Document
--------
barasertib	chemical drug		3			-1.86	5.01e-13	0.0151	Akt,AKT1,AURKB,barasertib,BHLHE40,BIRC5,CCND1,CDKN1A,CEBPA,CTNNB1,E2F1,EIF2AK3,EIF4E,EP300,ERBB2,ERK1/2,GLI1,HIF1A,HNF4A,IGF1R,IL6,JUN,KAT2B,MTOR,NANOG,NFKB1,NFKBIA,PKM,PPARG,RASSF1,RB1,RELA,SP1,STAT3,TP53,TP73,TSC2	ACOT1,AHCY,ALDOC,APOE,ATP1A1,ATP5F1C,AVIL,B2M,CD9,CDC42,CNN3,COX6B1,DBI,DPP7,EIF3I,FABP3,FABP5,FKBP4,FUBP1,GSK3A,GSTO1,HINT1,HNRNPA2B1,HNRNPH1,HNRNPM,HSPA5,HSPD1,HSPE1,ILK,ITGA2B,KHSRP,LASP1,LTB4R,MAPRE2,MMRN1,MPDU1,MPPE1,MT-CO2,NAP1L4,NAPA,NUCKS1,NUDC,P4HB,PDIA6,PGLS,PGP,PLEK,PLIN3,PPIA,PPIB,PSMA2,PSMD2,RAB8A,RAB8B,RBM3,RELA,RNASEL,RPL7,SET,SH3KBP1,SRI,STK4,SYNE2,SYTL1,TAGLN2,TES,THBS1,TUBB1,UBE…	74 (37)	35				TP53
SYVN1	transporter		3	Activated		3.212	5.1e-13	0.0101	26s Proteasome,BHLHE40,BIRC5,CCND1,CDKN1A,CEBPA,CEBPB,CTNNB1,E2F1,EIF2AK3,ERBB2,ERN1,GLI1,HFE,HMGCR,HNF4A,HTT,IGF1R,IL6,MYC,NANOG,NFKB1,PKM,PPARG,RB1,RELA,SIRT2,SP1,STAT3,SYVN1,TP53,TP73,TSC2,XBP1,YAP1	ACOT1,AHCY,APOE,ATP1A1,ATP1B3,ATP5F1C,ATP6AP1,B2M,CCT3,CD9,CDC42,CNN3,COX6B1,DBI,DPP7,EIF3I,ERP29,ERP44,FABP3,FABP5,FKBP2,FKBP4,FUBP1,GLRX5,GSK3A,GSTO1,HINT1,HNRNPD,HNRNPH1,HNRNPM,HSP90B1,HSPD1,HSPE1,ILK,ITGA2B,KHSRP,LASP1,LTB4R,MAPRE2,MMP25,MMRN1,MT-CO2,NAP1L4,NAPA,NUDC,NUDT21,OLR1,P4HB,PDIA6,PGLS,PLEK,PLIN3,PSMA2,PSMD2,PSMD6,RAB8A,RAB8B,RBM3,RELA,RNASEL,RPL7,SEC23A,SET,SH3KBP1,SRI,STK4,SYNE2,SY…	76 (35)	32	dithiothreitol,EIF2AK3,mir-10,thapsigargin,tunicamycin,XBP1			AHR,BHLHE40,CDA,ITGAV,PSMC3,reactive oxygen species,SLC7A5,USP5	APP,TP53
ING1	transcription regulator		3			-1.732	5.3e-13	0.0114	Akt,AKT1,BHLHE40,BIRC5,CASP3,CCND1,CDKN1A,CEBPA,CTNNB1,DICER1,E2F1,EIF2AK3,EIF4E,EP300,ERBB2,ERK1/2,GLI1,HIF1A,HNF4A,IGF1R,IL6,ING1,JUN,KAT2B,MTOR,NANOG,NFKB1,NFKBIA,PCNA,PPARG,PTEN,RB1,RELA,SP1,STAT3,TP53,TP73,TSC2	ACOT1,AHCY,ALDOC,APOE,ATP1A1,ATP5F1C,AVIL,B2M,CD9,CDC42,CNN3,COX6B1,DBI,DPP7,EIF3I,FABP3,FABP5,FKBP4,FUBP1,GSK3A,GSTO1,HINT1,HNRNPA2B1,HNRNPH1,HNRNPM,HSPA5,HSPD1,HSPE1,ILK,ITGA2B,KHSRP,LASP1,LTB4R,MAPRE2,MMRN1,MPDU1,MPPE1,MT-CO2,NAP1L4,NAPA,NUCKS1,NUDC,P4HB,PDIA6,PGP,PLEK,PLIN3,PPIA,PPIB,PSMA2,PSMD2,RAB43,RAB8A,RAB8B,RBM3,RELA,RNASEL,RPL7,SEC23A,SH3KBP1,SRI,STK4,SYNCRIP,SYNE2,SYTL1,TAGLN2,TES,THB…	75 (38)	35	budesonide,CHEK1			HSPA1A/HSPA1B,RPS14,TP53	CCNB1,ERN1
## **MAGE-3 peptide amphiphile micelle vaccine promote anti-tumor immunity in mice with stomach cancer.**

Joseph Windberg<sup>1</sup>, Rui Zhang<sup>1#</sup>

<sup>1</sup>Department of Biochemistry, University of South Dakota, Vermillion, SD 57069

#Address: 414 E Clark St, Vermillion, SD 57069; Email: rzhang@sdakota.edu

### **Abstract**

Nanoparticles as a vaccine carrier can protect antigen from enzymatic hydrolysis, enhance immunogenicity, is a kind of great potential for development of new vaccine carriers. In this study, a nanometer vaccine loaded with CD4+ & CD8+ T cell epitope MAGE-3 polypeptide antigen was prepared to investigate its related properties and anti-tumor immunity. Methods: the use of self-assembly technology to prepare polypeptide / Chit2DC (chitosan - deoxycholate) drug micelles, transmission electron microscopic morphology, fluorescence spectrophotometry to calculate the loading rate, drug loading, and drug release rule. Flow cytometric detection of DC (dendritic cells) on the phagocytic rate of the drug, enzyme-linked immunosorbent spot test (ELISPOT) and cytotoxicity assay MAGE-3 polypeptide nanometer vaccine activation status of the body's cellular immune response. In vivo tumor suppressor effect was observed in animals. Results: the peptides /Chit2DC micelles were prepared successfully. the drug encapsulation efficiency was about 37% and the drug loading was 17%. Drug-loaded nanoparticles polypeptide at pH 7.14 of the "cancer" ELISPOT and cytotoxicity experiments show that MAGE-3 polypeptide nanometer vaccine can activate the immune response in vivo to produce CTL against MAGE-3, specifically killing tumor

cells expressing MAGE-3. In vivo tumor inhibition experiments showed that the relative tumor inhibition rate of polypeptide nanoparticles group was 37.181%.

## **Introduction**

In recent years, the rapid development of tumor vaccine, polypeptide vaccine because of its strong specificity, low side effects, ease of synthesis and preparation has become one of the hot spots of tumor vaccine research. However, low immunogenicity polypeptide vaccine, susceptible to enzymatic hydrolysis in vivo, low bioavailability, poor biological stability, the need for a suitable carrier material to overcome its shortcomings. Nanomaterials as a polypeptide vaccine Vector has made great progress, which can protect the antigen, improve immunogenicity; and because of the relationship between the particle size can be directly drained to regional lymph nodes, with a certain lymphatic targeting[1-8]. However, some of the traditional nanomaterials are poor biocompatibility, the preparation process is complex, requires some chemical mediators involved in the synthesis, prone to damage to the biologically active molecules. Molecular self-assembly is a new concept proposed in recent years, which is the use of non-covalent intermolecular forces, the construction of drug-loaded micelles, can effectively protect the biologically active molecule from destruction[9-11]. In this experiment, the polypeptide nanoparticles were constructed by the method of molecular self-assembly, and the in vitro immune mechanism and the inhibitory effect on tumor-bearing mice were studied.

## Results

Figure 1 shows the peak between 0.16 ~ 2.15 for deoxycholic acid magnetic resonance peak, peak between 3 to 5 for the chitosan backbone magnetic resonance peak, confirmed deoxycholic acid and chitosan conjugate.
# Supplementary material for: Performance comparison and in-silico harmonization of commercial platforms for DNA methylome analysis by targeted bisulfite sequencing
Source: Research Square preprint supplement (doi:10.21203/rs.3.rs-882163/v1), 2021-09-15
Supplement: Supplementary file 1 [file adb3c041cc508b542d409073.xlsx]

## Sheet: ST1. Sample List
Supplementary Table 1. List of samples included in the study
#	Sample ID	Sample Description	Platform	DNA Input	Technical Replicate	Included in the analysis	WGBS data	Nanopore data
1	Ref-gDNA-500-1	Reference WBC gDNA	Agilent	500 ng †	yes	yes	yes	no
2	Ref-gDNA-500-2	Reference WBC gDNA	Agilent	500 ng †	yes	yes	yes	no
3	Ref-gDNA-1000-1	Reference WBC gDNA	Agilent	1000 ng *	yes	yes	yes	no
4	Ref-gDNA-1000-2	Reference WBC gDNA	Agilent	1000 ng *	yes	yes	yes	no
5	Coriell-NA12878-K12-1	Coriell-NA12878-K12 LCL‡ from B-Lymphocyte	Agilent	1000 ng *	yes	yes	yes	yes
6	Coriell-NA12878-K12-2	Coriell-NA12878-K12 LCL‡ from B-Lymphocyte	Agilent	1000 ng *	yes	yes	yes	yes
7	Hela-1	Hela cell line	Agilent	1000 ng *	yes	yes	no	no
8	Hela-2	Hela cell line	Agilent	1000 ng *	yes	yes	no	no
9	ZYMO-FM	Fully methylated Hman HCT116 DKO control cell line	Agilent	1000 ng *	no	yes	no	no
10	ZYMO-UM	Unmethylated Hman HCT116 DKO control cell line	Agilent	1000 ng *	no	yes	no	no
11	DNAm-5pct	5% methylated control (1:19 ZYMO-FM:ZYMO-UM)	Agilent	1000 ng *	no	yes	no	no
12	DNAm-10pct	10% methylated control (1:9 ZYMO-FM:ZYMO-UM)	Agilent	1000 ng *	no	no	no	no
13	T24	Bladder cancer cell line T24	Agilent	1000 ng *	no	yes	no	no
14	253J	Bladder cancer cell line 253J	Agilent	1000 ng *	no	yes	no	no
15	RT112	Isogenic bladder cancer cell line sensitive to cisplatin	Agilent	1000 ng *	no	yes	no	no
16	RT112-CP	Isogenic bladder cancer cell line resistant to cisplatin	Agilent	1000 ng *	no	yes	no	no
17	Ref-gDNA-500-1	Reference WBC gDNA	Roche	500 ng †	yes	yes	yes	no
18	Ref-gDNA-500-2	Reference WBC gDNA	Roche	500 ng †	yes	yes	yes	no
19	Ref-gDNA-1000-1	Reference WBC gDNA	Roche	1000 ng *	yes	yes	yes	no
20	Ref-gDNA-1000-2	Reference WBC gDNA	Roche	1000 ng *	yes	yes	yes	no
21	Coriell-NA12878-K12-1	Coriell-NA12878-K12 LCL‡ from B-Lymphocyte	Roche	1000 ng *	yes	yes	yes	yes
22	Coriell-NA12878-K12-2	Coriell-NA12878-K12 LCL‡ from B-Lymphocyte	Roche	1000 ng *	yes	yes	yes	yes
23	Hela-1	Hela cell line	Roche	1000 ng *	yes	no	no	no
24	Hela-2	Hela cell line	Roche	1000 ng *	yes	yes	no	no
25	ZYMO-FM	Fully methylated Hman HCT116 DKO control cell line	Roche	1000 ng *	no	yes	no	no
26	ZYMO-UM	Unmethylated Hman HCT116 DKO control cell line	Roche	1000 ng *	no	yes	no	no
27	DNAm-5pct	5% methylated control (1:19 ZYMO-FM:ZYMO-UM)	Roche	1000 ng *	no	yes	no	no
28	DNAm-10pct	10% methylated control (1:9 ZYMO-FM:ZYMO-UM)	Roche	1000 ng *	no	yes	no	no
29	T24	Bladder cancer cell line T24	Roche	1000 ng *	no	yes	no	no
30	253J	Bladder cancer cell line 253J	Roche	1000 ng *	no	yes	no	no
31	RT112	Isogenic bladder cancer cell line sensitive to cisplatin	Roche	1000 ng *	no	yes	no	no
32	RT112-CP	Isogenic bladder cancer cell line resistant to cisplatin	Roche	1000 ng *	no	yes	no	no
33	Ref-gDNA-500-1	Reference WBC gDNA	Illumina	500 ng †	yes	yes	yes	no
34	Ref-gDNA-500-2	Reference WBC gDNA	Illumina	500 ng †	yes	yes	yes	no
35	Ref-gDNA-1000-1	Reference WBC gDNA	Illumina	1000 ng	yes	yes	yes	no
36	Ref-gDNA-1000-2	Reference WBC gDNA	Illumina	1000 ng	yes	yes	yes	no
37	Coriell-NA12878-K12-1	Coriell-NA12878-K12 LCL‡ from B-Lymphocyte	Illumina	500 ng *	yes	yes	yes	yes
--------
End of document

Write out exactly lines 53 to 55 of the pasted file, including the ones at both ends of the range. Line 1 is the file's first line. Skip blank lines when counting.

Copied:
33	Ref-gDNA-500-1	Reference WBC gDNA	Illumina	500 ng †	yes	yes	yes	no
34	Ref-gDNA-500-2	Reference WBC gDNA	Illumina	500 ng †	yes	yes	yes	no
35	Ref-gDNA-1000-1	Reference WBC gDNA	Illumina	1000 ng	yes	yes	yes	no